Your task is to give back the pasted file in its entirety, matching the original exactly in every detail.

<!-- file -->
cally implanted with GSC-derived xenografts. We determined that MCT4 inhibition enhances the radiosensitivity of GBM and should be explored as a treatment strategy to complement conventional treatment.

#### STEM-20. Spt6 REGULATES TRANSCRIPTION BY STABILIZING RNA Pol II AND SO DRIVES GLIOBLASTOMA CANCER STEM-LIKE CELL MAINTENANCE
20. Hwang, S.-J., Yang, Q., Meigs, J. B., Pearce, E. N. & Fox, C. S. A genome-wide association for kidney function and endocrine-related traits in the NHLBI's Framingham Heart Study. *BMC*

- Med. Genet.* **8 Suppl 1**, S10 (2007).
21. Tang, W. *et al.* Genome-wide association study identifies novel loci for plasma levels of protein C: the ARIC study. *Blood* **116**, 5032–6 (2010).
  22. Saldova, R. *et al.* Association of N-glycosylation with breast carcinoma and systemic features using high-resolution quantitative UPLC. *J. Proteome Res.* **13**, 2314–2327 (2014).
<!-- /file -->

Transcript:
cally implanted with GSC-derived xenografts. We determined that MCT4 inhibition enhances the radiosensitivity of GBM and should be explored as a treatment strategy to complement conventional treatment.

#### STEM-20. Spt6 REGULATES TRANSCRIPTION BY STABILIZING RNA Pol II AND SO DRIVES GLIOBLASTOMA CANCER STEM-LIKE CELL MAINTENANCE
20. Hwang, S.-J., Yang, Q., Meigs, J. B., Pearce, E. N. & Fox, C. S. A genome-wide association for kidney function and endocrine-related traits in the NHLBI's Framingham Heart Study. *BMC*

- Med. Genet.* **8 Suppl 1**, S10 (2007).
21. Tang, W. *et al.* Genome-wide association study identifies novel loci for plasma levels of protein C: the ARIC study. *Blood* **116**, 5032–6 (2010).
  22. Saldova, R. *et al.* Association of N-glycosylation with breast carcinoma and systemic features using high-resolution quantitative UPLC. *J. Proteome Res.* **13**, 2314–2327 (2014).